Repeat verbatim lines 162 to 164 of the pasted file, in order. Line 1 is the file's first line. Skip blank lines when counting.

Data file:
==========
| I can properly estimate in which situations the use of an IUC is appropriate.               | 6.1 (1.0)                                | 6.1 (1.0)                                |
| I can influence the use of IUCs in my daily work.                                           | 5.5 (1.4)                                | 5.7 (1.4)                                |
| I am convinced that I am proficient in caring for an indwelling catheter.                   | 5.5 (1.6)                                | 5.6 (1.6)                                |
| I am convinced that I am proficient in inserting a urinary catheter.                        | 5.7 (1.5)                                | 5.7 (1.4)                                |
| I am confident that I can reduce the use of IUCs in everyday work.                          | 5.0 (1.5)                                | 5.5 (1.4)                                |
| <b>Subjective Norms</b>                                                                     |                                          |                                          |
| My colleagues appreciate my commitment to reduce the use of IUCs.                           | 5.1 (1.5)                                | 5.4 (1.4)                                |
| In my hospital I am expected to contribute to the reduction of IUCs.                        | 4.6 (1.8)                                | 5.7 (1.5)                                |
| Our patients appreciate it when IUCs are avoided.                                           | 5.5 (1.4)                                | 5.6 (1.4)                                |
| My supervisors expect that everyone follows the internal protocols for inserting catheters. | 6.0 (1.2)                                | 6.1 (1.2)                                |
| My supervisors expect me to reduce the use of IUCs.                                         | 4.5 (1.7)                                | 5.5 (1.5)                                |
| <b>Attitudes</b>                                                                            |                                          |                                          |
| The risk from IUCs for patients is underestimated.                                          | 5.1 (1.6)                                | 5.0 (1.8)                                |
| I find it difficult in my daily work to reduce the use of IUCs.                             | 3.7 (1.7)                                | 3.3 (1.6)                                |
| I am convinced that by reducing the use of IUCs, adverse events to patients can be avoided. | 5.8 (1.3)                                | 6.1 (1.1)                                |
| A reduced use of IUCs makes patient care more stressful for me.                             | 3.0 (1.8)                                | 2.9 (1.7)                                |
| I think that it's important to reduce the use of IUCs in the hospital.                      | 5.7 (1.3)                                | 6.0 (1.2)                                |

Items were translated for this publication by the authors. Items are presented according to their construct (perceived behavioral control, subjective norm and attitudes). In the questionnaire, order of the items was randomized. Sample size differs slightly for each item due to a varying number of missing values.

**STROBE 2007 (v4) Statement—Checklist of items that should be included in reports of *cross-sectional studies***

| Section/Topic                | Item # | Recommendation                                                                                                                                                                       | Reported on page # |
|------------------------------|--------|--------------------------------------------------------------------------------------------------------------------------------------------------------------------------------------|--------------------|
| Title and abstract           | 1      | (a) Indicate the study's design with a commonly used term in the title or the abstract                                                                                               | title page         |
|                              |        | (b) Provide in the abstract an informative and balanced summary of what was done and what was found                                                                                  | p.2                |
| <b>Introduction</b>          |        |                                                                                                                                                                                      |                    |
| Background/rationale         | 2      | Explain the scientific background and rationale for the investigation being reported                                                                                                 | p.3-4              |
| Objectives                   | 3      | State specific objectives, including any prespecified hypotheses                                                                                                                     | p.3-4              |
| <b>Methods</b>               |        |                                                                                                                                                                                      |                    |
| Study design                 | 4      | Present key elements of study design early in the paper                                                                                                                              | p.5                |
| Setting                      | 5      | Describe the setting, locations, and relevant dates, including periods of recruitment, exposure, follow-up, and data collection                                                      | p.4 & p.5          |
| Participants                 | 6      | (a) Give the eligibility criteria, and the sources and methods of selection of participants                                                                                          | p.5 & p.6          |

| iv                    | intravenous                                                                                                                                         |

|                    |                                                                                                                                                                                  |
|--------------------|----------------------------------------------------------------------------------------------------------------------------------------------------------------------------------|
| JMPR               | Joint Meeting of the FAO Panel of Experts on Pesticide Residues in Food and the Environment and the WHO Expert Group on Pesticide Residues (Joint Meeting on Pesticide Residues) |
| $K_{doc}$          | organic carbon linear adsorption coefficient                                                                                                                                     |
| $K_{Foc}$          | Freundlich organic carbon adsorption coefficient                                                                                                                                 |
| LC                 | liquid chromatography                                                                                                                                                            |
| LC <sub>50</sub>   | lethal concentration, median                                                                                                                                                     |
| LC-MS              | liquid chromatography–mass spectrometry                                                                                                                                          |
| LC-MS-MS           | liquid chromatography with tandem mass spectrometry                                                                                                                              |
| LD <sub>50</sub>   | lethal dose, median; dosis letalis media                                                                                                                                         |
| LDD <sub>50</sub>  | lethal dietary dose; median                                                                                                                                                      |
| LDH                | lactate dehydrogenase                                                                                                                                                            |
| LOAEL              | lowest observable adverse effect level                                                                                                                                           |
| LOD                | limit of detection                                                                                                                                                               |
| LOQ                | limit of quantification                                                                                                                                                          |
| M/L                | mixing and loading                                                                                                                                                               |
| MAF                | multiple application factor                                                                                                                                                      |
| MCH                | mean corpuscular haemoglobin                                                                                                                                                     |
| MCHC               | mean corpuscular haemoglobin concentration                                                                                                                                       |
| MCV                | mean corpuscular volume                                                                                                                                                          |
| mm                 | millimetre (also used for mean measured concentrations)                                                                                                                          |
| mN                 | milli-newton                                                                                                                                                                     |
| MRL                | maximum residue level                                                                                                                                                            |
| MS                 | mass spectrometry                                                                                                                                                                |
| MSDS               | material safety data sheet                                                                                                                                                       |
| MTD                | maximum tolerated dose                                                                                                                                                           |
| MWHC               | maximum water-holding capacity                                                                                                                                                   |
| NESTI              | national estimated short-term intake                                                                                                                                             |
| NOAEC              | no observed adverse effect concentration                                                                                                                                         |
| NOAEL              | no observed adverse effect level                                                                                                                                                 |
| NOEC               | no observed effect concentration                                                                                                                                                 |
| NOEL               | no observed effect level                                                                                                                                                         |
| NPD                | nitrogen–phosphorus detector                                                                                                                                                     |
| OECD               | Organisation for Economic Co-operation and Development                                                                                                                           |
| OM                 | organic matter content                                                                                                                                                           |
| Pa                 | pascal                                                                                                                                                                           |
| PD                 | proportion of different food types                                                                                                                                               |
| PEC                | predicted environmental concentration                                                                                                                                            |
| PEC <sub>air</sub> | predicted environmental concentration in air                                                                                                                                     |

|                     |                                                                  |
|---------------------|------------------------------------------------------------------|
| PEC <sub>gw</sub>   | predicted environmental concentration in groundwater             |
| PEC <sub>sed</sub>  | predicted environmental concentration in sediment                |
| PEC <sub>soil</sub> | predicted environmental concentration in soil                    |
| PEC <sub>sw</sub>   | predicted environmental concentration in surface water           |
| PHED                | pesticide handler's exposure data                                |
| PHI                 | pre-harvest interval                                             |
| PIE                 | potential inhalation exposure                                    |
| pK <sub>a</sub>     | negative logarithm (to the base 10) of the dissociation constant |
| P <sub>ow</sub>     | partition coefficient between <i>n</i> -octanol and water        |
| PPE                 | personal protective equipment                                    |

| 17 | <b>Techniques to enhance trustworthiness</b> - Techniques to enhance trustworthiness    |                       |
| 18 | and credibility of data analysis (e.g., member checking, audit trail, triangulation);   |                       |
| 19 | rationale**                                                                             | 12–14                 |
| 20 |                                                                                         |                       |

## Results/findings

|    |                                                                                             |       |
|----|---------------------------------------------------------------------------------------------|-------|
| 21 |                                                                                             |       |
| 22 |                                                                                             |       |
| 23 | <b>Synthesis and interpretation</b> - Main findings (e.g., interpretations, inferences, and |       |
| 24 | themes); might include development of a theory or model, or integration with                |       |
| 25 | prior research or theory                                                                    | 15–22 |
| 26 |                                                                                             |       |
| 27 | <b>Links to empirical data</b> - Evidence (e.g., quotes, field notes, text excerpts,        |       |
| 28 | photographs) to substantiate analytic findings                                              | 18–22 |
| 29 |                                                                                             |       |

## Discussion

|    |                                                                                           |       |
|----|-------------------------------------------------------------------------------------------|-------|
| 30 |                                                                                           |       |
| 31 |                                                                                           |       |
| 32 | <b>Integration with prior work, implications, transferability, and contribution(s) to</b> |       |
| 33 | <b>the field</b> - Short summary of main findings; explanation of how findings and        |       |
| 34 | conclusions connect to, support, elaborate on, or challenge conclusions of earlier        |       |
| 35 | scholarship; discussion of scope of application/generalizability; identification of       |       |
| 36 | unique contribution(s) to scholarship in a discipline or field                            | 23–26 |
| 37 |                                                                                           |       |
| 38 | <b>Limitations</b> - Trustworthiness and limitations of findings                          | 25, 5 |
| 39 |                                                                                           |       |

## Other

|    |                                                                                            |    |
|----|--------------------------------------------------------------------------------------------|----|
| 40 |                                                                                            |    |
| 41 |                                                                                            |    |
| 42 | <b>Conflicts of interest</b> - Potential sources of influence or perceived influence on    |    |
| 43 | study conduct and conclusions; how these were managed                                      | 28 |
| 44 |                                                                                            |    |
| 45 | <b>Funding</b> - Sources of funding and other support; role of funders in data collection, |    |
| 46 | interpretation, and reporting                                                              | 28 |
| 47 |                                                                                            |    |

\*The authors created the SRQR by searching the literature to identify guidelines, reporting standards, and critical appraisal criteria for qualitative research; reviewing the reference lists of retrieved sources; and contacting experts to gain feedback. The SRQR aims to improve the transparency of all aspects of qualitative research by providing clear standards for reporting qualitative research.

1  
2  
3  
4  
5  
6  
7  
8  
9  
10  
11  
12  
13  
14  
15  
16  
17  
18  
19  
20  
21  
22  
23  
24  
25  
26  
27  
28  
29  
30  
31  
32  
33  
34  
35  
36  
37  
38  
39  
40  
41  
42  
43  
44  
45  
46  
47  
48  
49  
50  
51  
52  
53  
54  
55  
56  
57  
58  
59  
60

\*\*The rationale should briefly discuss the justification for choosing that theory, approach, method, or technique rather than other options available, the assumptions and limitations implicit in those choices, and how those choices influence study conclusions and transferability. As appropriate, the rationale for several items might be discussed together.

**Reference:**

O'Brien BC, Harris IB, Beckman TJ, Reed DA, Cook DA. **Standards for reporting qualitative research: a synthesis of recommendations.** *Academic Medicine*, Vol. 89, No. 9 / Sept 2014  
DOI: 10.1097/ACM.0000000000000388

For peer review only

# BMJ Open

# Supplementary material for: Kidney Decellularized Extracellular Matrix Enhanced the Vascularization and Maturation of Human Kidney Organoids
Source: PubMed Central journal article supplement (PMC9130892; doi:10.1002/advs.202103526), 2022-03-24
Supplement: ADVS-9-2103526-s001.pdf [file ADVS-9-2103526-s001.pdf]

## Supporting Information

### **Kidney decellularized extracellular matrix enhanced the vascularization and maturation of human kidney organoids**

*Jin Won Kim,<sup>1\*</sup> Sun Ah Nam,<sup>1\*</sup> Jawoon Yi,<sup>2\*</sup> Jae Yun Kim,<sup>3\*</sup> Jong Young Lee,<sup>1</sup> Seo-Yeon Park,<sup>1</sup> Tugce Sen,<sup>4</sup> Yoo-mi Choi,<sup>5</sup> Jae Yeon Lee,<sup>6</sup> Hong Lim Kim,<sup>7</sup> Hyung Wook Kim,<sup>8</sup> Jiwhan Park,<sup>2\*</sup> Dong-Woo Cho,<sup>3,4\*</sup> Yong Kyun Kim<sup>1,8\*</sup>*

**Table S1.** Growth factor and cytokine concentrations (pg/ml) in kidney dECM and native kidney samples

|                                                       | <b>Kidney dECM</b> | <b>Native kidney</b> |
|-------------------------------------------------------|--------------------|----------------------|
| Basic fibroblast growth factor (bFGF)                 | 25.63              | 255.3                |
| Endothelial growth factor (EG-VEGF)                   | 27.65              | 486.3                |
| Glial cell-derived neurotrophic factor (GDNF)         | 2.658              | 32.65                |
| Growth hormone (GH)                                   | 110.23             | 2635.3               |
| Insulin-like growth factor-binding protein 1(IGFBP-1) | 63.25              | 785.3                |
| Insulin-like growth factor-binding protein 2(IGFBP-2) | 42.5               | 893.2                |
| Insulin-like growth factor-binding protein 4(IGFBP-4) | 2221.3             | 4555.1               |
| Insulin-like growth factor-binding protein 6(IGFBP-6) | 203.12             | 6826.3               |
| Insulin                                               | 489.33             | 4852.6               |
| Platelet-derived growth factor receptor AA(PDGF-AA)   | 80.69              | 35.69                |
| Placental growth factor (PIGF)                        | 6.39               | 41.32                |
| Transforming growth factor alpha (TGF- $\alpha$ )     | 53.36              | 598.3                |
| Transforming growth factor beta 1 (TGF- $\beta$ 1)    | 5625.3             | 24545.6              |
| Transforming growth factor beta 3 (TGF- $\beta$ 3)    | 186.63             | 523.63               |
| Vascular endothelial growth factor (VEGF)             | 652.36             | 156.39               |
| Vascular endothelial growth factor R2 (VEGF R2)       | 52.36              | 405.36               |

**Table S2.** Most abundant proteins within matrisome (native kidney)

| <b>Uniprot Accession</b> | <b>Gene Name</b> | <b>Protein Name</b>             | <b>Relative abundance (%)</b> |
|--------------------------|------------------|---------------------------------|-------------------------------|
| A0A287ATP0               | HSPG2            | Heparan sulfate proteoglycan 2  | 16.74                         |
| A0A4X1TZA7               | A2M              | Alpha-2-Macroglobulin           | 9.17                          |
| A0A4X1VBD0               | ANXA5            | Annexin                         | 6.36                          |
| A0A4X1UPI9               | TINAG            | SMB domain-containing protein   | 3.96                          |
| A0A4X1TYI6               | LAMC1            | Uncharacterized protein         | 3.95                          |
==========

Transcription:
39  
40  
41  